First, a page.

Tuesday, August 02, 2005

Stink Bond: Wisconsin's Backwards Building Program

I know, I know – the whole issue of bonding is about as sexy as Jim Doyle in a thong. I’ll try to spice it up using understandable terms.

So think about your first date – you finally have a girl with two eyes and a full set of teeth that said she’d go out with your stinky behind. You slap on the Polo cologne and load of your “love van” with a sixer of Pabst and your Zeppelin mix tapes. Only one problem – the "sin wagon" won’t start.

You immediately catch a ride down to the auto shop. After fighting off the mechanics who are drawn to you by your manly musk, you proudly announce that your Grandma just died and left you $2,000, and that’s what you have to spend on repairs.

Guess what your repairs are going to cost?

As goofy as it would be to announce how much money you have before you start a negotiation, that is exactly what the state does every time it starts a building project.

According to the Legislative Fiscal Bureau, the process works like this: a state department decides it needs a new building. It then gets an estimate of what it would cost to build the building. The request goes to the Department of Administration Division of Buildings, which then can add the project to the capital budget. After approval of the State Building Commission, this budget is included as part of the state budget and voted on by legislators. Once passed by the full legislature, the project is then “enumerated,” and then the bidding process begins.

See the problem here? The bidding process only begins after a set dollar figure has been approved. If a contractor wants to make a bid, they know exactly how much money the state is willing to spend. This is like moving all your chips into the middle of the table in a hand with Phil Hellmuth, and announcing that you are bluffing with a seven and a two. Even if they could do the project for much less, they will want to milk the project for as much as possible.

This setup is nearly scandalous. Wisconsin needs to move to a system where bids are solicited to figure the cost of the project, not after the project has been enumerated. To make matters worse, these projects are usually paid with bonds, meaning the state will also be paying the inflated cost plus 20 to 30 years’ worth of interest. Think about how much interest you end up paying on the life of your home mortgage, then apply that to a $50 million research lab at the University of Wisconsin. Often times, legislators don’t apply as much scrutiny to spending funded with bonds, because the money is raised up front and the obligations are pushed off into the future.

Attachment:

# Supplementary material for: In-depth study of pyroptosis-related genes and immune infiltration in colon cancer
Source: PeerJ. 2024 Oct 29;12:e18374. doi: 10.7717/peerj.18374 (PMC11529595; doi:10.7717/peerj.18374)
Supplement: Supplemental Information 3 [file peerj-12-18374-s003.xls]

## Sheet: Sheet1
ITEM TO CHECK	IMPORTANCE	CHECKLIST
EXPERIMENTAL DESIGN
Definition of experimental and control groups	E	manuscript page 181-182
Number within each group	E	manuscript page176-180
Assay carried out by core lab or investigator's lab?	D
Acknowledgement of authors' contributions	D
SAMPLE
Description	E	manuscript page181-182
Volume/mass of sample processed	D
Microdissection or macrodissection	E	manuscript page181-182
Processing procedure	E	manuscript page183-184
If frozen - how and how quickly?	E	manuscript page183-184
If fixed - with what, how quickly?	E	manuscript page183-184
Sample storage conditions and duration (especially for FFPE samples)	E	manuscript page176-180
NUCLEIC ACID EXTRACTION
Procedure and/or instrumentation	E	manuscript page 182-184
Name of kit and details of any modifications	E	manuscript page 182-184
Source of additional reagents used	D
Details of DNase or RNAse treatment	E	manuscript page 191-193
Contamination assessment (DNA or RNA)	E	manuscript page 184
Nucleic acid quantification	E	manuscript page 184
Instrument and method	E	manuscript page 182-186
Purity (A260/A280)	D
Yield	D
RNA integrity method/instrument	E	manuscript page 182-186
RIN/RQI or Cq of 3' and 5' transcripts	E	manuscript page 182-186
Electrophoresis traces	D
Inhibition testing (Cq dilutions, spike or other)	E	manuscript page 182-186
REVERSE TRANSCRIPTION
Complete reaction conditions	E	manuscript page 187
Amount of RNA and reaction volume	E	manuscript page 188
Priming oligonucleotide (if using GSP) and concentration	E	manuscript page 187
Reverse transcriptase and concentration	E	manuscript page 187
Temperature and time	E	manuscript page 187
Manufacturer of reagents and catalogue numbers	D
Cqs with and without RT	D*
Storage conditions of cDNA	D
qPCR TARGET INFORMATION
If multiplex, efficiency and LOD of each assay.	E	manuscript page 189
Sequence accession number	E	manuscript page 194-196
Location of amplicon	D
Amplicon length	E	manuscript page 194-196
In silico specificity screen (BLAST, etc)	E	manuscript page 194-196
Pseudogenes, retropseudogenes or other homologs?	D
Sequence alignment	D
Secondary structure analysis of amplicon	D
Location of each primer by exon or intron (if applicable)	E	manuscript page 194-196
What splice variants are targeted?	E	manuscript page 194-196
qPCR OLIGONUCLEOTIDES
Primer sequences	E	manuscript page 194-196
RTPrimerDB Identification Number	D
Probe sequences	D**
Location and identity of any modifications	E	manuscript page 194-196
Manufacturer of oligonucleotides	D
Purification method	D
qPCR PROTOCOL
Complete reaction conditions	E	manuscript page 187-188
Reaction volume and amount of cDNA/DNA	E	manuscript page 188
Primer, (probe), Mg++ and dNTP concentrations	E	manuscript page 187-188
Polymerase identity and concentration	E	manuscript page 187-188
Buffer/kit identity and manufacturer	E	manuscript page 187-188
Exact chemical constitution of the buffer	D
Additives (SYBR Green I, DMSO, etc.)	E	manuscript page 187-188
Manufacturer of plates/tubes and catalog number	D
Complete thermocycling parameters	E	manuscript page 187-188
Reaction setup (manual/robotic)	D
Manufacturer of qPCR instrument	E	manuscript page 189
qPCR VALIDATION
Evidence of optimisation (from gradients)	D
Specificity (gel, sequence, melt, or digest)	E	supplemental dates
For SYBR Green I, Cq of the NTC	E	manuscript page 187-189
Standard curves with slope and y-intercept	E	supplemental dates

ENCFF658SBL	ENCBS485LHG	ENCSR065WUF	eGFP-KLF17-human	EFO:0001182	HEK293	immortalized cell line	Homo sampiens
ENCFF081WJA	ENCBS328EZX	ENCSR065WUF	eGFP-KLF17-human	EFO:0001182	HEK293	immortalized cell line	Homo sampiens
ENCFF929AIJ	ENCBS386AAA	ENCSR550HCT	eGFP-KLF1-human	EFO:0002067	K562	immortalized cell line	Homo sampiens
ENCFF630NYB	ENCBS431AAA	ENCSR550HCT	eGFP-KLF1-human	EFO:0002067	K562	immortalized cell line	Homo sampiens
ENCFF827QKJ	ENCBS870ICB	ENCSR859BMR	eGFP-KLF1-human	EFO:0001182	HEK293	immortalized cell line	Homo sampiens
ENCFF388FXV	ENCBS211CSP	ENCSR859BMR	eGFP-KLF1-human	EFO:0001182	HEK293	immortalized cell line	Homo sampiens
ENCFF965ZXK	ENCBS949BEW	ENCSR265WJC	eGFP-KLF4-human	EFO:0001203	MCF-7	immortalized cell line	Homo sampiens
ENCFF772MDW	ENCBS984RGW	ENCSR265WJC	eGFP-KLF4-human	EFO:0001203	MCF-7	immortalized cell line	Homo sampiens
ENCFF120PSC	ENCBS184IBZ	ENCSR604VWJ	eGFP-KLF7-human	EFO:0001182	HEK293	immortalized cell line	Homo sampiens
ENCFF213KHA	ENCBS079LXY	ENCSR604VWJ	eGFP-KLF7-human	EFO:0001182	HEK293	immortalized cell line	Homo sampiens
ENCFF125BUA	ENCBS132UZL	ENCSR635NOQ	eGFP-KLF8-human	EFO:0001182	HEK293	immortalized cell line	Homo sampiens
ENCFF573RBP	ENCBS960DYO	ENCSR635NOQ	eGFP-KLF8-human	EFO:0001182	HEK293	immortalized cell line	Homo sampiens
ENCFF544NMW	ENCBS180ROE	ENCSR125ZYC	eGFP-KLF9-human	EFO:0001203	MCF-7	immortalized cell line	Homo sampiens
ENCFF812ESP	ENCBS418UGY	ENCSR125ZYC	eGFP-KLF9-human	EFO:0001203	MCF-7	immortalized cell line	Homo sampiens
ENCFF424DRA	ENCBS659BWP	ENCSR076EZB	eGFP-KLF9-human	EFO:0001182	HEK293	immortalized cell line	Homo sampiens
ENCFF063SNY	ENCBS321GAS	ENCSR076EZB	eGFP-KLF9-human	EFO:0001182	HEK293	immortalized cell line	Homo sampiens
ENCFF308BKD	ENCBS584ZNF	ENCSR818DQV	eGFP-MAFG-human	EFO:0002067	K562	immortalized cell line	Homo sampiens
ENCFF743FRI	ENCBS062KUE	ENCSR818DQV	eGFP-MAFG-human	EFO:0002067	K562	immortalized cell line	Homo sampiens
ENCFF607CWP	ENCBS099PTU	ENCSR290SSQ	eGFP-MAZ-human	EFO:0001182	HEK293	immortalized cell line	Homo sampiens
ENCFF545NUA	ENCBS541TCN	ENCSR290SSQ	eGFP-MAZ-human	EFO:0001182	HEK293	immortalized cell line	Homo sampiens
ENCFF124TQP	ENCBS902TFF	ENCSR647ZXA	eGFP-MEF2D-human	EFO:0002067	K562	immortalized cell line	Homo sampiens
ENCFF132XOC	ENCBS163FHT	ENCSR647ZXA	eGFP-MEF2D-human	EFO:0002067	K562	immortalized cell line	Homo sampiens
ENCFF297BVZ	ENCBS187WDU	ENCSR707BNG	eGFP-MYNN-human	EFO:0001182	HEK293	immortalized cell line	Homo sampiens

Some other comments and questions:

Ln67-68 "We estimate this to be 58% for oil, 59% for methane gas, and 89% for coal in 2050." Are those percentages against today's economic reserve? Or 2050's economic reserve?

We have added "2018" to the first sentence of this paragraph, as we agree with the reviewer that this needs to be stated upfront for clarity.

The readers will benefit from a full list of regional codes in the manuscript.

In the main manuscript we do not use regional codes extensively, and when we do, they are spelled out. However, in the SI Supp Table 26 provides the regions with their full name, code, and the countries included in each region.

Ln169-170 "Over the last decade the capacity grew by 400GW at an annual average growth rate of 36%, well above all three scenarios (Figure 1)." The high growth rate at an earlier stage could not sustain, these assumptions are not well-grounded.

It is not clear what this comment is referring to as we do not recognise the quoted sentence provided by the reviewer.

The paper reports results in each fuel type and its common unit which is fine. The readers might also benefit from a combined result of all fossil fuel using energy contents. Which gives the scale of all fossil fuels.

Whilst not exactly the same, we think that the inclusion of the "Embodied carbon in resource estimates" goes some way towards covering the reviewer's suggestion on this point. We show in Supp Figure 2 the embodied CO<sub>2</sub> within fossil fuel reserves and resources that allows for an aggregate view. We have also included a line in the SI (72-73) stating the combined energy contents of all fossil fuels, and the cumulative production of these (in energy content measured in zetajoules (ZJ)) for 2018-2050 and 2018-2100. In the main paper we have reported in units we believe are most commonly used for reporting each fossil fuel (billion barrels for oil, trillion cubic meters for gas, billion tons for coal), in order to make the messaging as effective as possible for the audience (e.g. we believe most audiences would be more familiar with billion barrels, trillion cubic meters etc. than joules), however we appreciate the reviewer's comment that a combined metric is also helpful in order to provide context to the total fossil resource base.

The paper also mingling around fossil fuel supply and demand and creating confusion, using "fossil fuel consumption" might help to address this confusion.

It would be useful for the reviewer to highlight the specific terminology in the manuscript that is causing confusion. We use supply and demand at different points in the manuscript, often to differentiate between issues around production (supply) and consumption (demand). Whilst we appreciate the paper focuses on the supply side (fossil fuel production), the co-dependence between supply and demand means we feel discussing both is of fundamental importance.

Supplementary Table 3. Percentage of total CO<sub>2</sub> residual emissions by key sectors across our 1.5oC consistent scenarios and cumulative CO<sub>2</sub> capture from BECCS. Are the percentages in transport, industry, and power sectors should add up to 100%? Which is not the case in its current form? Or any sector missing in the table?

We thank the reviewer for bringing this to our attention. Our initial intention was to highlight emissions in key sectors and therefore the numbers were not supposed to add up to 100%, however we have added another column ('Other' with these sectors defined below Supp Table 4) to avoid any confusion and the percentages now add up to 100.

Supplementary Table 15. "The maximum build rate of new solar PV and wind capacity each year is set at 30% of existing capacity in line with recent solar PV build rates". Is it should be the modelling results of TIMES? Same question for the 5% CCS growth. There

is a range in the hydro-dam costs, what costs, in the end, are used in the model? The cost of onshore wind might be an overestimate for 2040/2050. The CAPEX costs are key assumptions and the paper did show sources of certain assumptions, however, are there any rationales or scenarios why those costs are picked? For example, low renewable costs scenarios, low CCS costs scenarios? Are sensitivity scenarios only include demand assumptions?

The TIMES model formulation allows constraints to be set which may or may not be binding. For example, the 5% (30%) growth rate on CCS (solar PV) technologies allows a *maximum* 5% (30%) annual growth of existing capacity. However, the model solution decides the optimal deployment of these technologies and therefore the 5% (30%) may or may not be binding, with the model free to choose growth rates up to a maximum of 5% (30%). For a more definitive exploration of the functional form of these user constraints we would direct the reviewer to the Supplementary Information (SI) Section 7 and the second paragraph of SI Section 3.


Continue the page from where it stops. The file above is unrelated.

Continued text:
This is no small potatoes. The budget that just passed enumerated projects totalling about $1.1 billion. That could mean tens, if not hundreds, of millions of dollars the taxpayers will pay back, with interest, that could be avoided by an independent bidding process. Click the above link and you will see clearly how much the state has authorized for each of these projects. And if you have a hammer and some nails in your basement, get your bid in now -there are some sweet deals to be had.

Just make sure you wear that cologne to the job site. It will drive your co-workers wild.

Side note: As you can see from Informational Paper #71 referenced above, special considerations are giving to contractors and construction companies that are minority owned (Page 7). This seems like it could be a lot of money for a relatively limited pool of businesses, which might lead one to think that some favorable contracts are given out. Something an enterprising reporter might want to look into.